Hart first came to the Village as a business tenant, taking space in a new on-site health and fitness club created in one of the old barrack buildings last September to set up a beauty salon. "I wasn't looking to move house," she says. "Many of my clients at the salon live here and I got good feedback from them. They invited me to their houses, so I had the chance to look around before I bought." Since Hart has bought, friends of hers have bought neigbouring homes, adding to a friendly community feeling, and a testament to the power of referral in generating sales.

For Hart the village environment with its on-site amenities is a definite plus, although she admits that partner Andrew uses the car rather than the Village's special bus service to commute to the station. It has also proved to be an excellent location for Hart's own budding business: "I thought it would take six months to build up a client base, but it hasn't taken that long," she says. Hart rented a room in the health and fitness centre, and has partitioned and fitted it out to create two treatment rooms. She is already contemplating expanding.

We have ended up with somethinG commercially viable instead of lots of open space and nothing to pay for it

The developer responds
The site's diversity of architecture posed as much of a build challenge as year-end pressures, according to Linden chief executive Philip Davies. "They're brand new housetypes with things that work well on drawings, but not so well on site," he says. The design, however, has been popular, Davies says. "The main lesson that we've learned from these homes is that people like the open plan layout."

Linden is applying both the designs and the community management principles tested at the Village to its latest major scheme, Queen Elizabeth Park, in Guildford, Surrey. "As a community the Village has worked better than we expected," says Davies. "The only graffiti we get is on the wall in the lane outside the site. The scheme has lifted the area quite a lot."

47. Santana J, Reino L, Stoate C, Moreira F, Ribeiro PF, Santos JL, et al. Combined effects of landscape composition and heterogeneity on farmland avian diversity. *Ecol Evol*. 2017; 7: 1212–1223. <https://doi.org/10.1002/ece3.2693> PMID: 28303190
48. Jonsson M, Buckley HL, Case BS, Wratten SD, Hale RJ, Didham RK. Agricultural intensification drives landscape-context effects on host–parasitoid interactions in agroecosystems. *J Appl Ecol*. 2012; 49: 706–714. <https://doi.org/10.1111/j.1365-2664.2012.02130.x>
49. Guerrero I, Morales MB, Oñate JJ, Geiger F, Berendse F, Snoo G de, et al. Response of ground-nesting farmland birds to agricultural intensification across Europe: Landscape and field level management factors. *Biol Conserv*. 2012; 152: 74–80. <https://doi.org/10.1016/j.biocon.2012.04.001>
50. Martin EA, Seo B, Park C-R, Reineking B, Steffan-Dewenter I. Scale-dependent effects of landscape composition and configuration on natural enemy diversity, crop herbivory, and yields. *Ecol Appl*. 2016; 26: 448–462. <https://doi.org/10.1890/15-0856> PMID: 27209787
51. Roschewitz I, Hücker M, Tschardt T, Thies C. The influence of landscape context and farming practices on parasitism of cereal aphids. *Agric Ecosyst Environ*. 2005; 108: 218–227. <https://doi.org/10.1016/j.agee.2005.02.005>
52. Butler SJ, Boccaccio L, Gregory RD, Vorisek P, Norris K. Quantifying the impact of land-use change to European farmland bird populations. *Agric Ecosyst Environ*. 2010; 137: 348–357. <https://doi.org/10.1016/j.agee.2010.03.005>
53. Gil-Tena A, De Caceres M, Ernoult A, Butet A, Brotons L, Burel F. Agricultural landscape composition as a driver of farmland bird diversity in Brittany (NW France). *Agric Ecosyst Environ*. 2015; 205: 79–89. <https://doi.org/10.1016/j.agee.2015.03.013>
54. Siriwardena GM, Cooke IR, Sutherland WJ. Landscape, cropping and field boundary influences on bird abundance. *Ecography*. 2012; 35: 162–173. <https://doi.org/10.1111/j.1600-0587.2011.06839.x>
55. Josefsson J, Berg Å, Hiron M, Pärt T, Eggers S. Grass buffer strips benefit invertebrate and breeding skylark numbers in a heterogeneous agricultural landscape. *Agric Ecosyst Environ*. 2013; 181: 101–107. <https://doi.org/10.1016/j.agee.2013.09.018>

The housebuilder worked with the existing community in devising the mix of homes and facilities in the scheme. Scheme architect John Thompson and Partners carried out a community planning exercise with local people, some of whom were initially wary of the barracks' redevelopment, and that has proved a valuable process, says Davies. "We got people to realise you can't have something for nothing. We have ended up with something commercially viable instead of lots of open space and nothing to pay for it."

Whereas affordable housing and community facilities are often the last elements to be developed in large-scale private housing schemes, Linden made them a priority. Rented homes were already occupied by tenants of housing association the Guinness Trust when its patron Prince Charles visited last summer, and the developer opened the Skaterham skatepark on the site four years ago as it started building.

Today, Skaterham is used by some 400 youngsters, the health and fitness club has 470 members, more than half of whom are not residents at the Village, and a new Tesco store is a big draw for the surrounding neighbourhood and villagers. "We have also adjusted the bus route to take it past the schools so that it gets better used," says Davies. He says the 10,000 ft2 health centre Linden is building for local GPs will be the biggest local benefit, although residents are also looking forward to the opening of the site's bar/restaurant, which could happen at the end of the year.